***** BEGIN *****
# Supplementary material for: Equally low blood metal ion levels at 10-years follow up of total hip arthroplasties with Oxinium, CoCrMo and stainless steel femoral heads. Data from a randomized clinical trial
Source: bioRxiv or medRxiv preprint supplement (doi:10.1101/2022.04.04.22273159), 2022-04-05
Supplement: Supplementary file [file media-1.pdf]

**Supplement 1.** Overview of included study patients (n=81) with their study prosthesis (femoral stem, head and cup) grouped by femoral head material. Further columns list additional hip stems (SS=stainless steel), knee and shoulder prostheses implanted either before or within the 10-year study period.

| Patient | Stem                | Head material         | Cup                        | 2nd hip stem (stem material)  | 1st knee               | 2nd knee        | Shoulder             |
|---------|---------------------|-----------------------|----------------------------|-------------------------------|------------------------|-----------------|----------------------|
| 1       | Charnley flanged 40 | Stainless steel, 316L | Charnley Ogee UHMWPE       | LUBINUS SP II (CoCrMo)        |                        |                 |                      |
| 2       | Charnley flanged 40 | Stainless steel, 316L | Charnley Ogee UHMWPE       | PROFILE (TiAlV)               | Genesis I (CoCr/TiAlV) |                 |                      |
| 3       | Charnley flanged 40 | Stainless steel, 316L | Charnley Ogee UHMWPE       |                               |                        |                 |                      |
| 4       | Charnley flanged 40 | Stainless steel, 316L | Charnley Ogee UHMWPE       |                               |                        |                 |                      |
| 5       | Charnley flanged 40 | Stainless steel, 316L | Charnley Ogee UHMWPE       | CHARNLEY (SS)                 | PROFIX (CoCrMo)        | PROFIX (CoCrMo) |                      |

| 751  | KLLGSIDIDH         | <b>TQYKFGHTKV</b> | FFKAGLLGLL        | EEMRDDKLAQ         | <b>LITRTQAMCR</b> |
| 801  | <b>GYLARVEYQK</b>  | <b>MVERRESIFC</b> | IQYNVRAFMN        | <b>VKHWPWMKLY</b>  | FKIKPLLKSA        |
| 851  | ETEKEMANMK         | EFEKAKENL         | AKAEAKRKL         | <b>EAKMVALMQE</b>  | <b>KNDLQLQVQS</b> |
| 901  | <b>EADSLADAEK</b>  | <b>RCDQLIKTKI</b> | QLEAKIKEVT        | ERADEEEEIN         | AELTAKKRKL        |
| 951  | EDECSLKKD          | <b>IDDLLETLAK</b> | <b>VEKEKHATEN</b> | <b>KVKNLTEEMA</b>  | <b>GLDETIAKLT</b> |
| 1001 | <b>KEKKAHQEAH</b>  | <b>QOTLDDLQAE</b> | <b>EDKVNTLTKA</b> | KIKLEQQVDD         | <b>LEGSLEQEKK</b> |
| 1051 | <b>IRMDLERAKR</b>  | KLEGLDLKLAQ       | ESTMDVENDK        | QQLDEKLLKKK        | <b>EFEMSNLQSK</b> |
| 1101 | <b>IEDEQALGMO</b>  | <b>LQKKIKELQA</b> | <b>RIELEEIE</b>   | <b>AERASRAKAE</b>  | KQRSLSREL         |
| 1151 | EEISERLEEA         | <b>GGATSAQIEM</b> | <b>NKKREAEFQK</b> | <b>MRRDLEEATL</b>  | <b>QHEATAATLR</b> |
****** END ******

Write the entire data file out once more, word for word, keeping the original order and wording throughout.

# Supplementary material for: Equally low blood metal ion levels at 10-years follow up of total hip arthroplasties with Oxinium, CoCrMo and stainless steel femoral heads. Data from a randomized clinical trial
Source: bioRxiv or medRxiv preprint supplement (doi:10.1101/2022.04.04.22273159), 2022-04-05
Supplement: Supplementary file [file media-1.pdf]

**Supplement 1.** Overview of included study patients (n=81) with their study prosthesis (femoral stem, head and cup) grouped by femoral head material. Further columns list additional hip stems (SS=stainless steel), knee and shoulder prostheses implanted either before or within the 10-year study period.

| Patient | Stem                | Head material         | Cup                        | 2nd hip stem (stem material)  | 1st knee               | 2nd knee        | Shoulder             |
|---------|---------------------|-----------------------|----------------------------|-------------------------------|------------------------|-----------------|----------------------|
| 1       | Charnley flanged 40 | Stainless steel, 316L | Charnley Ogee UHMWPE       | LUBINUS SP II (CoCrMo)        |                        |                 |                      |
| 2       | Charnley flanged 40 | Stainless steel, 316L | Charnley Ogee UHMWPE       | PROFILE (TiAlV)               | Genesis I (CoCr/TiAlV) |                 |                      |
| 3       | Charnley flanged 40 | Stainless steel, 316L | Charnley Ogee UHMWPE       |                               |                        |                 |                      |
| 4       | Charnley flanged 40 | Stainless steel, 316L | Charnley Ogee UHMWPE       |                               |                        |                 |                      |
| 5       | Charnley flanged 40 | Stainless steel, 316L | Charnley Ogee UHMWPE       | CHARNLEY (SS)                 | PROFIX (CoCrMo)        | PROFIX (CoCrMo) |                      |

| 751  | KLLGSIDIDH         | <b>TQYKFGHTKV</b> | FFKAGLLGLL        | EEMRDDKLAQ         | <b>LITRTQAMCR</b> |
| 801  | <b>GYLARVEYQK</b>  | <b>MVERRESIFC</b> | IQYNVRAFMN        | <b>VKHWPWMKLY</b>  | FKIKPLLKSA        |
| 851  | ETEKEMANMK         | EFEKAKENL         | AKAEAKRKL         | <b>EAKMVALMQE</b>  | <b>KNDLQLQVQS</b> |
| 901  | <b>EADSLADAEK</b>  | <b>RCDQLIKTKI</b> | QLEAKIKEVT        | ERADEEEEIN         | AELTAKKRKL        |
| 951  | EDECSLKKD          | <b>IDDLLETLAK</b> | <b>VEKEKHATEN</b> | <b>KVKNLTEEMA</b>  | <b>GLDETIAKLT</b> |
| 1001 | <b>KEKKAHQEAH</b>  | <b>QOTLDDLQAE</b> | <b>EDKVNTLTKA</b> | KIKLEQQVDD         | <b>LEGSLEQEKK</b> |
| 1051 | <b>IRMDLERAKR</b>  | KLEGLDLKLAQ       | ESTMDVENDK        | QQLDEKLLKKK        | <b>EFEMSNLQSK</b> |
| 1101 | <b>IEDEQALGMO</b>  | <b>LQKKIKELQA</b> | <b>RIELEEIE</b>   | <b>AERASRAKAE</b>  | KQRSLSREL         |
| 1151 | EEISERLEEA         | <b>GGATSAQIEM</b> | <b>NKKREAEFQK</b> | <b>MRRDLEEATL</b>  | <b>QHEATAATLR</b> |